In Israel, there are any number of towns that identify themselves as primarily religious. There are none, however, that are as distinct or well-known for being as intensely religious as Bnei Brak.

Bnei Brak is actually a historic location. A city of this name is mentioned in the Book of Joshua (19:45) as part of the territory of the tribe of Dan. Additionally, the location is also mentioned in the Haggadah concerning five great Torah sages who gathered in the city to discuss the Exodus.

Bnei Brak today is a city that is almost entirely Chareidi (the term used in Israel to designate the “ultra-Orthodox), and this actually conforms to the nature of the settlement as it was when Bnei Brak was first founded. The year was 1924, and the settlement was founded by a man named Yitzchok Gerstenkorn. Established as an agricultural settlement, the Polish chassidim who settled there built their lives around Jewish tradition. It was even noted that one of the first buildings that was built in Bnei Brak was a Beit Midrash, a house of study, because after a full day’s labor, the men wanted to go there to resume their learning immediately.

Although its original settlers were traditional, Bnei Brak’s transformation into a center of religious Judaism was not immediate. An important role, however, was played by some of the significant leaders who took up residence there. Among them were Rabbi Avrohom Yeshaya Karelitz (the Chazon Ish), one of the most influential rabbis of the earlier part of 20th century Israel, who moved to Bnei Brak from Vilna in 1933. Bnei Brak was also home to his brother-in-law, Rabbi Yaakov Yisrael Kanievsky, also known as “the Steipler,” and the Steipler’s illustrious son, Rabbi Chaim Kanievsky, who until his recent passing, was often the final address for Jews around the world seeking religious guidance.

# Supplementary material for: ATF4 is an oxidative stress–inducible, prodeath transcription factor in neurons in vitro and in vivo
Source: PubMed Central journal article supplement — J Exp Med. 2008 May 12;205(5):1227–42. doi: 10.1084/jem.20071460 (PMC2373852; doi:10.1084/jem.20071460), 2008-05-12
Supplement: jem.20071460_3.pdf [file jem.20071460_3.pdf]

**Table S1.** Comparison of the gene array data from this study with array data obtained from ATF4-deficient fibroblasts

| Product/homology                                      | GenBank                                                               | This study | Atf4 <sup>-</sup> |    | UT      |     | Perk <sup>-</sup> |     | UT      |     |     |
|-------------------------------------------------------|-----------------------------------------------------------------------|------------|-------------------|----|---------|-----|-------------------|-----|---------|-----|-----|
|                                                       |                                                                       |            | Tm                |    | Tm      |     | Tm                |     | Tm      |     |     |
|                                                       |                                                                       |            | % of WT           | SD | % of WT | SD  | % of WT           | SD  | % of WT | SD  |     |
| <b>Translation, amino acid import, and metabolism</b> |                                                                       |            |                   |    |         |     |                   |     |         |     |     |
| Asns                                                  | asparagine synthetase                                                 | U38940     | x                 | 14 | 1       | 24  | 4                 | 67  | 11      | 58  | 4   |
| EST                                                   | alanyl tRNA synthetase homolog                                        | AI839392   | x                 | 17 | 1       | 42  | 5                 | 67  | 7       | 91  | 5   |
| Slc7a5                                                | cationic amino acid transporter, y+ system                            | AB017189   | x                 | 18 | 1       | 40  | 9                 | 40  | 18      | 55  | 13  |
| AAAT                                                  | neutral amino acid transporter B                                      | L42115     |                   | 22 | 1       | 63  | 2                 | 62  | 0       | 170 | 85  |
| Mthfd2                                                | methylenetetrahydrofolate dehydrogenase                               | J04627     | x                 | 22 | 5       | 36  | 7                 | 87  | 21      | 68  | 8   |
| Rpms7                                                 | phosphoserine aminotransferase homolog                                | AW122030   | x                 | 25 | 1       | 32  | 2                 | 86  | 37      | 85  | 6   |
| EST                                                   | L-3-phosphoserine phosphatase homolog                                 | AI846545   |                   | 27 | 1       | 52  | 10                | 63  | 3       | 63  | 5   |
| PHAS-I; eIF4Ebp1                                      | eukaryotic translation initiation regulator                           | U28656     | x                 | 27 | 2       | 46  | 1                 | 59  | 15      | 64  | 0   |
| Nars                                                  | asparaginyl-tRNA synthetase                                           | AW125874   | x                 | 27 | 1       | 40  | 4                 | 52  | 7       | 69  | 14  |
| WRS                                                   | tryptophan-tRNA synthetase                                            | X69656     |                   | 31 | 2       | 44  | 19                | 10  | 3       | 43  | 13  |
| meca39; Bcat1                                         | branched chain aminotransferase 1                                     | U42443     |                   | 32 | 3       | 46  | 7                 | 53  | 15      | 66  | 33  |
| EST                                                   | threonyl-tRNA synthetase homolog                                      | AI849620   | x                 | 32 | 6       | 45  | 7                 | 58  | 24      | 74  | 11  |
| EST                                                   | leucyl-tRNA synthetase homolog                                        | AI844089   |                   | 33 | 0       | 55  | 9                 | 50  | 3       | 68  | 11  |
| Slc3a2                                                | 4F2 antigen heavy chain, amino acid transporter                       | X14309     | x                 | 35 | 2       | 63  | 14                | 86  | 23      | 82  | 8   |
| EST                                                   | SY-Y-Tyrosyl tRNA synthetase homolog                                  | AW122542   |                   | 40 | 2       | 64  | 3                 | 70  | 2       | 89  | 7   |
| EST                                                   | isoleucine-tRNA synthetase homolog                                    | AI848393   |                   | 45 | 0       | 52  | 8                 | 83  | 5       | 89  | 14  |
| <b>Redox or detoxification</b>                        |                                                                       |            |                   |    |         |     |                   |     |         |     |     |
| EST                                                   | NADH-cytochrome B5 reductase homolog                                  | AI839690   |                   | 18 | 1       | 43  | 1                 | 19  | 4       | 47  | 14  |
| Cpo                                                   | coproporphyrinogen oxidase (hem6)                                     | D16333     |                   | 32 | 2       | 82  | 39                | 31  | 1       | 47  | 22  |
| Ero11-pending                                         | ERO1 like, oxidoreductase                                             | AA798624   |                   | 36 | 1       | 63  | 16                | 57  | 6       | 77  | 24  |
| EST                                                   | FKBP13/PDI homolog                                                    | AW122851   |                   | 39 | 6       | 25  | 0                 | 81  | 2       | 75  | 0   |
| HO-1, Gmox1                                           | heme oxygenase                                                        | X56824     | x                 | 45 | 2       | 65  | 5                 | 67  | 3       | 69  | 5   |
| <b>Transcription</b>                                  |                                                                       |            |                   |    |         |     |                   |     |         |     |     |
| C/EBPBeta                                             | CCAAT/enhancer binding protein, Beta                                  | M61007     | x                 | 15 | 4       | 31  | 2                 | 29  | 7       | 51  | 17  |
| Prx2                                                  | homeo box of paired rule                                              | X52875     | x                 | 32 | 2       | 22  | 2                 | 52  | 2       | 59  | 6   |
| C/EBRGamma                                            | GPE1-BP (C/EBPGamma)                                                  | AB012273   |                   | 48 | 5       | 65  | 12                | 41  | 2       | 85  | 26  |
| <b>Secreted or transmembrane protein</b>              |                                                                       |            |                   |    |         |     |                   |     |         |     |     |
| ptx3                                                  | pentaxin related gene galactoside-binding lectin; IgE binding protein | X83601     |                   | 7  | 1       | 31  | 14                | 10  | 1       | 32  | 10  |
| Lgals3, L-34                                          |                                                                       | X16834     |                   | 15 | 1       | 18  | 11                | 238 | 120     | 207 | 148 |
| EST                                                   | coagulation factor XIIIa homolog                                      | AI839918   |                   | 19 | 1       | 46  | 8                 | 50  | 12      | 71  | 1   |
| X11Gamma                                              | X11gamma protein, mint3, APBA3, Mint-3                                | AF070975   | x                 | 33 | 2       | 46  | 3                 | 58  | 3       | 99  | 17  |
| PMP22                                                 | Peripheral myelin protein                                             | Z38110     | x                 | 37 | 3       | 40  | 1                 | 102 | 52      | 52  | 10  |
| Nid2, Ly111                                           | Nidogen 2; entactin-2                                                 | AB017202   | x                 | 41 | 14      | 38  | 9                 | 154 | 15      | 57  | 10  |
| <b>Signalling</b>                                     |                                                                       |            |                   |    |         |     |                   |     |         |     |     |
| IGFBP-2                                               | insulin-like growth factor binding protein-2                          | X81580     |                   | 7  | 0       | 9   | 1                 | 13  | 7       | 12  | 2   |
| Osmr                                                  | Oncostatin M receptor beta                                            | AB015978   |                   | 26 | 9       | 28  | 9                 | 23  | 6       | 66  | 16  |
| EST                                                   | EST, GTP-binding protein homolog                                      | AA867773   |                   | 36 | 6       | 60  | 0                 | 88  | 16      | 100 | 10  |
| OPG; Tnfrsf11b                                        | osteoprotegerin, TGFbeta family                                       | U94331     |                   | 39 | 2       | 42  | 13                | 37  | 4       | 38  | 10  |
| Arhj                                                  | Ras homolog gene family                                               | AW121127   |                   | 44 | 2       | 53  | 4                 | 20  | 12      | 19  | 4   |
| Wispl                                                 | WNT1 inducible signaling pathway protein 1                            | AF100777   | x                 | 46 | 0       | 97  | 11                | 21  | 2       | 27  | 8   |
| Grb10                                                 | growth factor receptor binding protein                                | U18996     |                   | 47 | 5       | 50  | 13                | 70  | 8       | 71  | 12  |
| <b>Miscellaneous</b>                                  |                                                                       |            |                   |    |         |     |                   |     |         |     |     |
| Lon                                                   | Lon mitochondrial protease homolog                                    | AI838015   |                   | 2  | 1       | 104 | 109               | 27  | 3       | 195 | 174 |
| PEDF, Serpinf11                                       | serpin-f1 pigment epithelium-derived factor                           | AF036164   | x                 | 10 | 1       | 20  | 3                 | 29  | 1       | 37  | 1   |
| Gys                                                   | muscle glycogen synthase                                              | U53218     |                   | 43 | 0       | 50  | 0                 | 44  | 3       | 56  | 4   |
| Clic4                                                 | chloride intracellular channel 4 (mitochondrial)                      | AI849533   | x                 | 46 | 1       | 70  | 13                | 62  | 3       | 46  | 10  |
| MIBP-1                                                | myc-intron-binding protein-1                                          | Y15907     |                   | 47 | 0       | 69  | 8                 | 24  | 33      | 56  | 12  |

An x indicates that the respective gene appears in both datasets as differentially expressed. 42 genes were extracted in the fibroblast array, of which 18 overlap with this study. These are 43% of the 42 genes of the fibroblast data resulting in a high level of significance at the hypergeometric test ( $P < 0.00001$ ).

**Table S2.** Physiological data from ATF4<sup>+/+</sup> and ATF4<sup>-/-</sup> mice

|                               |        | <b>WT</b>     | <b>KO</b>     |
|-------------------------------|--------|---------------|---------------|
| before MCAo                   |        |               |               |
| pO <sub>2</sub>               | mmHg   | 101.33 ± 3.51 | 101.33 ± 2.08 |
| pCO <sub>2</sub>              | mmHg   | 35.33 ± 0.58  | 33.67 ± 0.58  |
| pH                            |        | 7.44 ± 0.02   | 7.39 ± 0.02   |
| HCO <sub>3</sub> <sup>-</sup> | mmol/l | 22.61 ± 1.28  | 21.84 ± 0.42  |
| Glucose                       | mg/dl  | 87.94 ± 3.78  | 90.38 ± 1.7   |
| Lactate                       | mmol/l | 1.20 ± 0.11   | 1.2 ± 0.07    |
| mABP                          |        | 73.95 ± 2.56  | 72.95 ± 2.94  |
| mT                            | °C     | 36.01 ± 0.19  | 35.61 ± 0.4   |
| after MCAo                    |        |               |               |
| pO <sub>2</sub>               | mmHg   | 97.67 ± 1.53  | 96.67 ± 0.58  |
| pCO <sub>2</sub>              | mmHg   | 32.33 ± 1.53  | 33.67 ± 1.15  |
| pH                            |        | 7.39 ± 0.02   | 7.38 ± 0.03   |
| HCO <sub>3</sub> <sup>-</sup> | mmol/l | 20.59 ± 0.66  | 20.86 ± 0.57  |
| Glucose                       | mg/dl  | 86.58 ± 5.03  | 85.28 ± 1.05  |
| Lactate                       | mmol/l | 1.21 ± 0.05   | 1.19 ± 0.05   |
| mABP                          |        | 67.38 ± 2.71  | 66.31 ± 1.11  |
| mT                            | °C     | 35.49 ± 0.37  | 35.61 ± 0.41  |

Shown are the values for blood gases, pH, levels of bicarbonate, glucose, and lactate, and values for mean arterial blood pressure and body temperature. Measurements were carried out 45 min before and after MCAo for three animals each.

In 1944, after the original Ponevezh Yeshiva in Europe was destroyed, the yeshiva was brought to the city by Rabbi Yosef Shlomo Kahaneman whose dream of building a large building in what he envisioned would be the new Ponevezh Yeshiva teeming with students filled to capacity, became a reality. Drawn by the Torah leaders and the yeshiva, by 1950, the population of Bnei Brak was large enough for it to be granted city status. Shortly thereafter, chassidic communities began to settle in Bnei Brak alongside the yeshivot. The first was the Vizhnitzer Rebbe and his chassidim, who came in the 1950s. The next decade saw many chassidic groups from the Ukraine and elsewhere settle in Bnei Brak.

Located to the east of Tel Aviv, many of Israel’s most influential religious figures today live in Bnei Brak.

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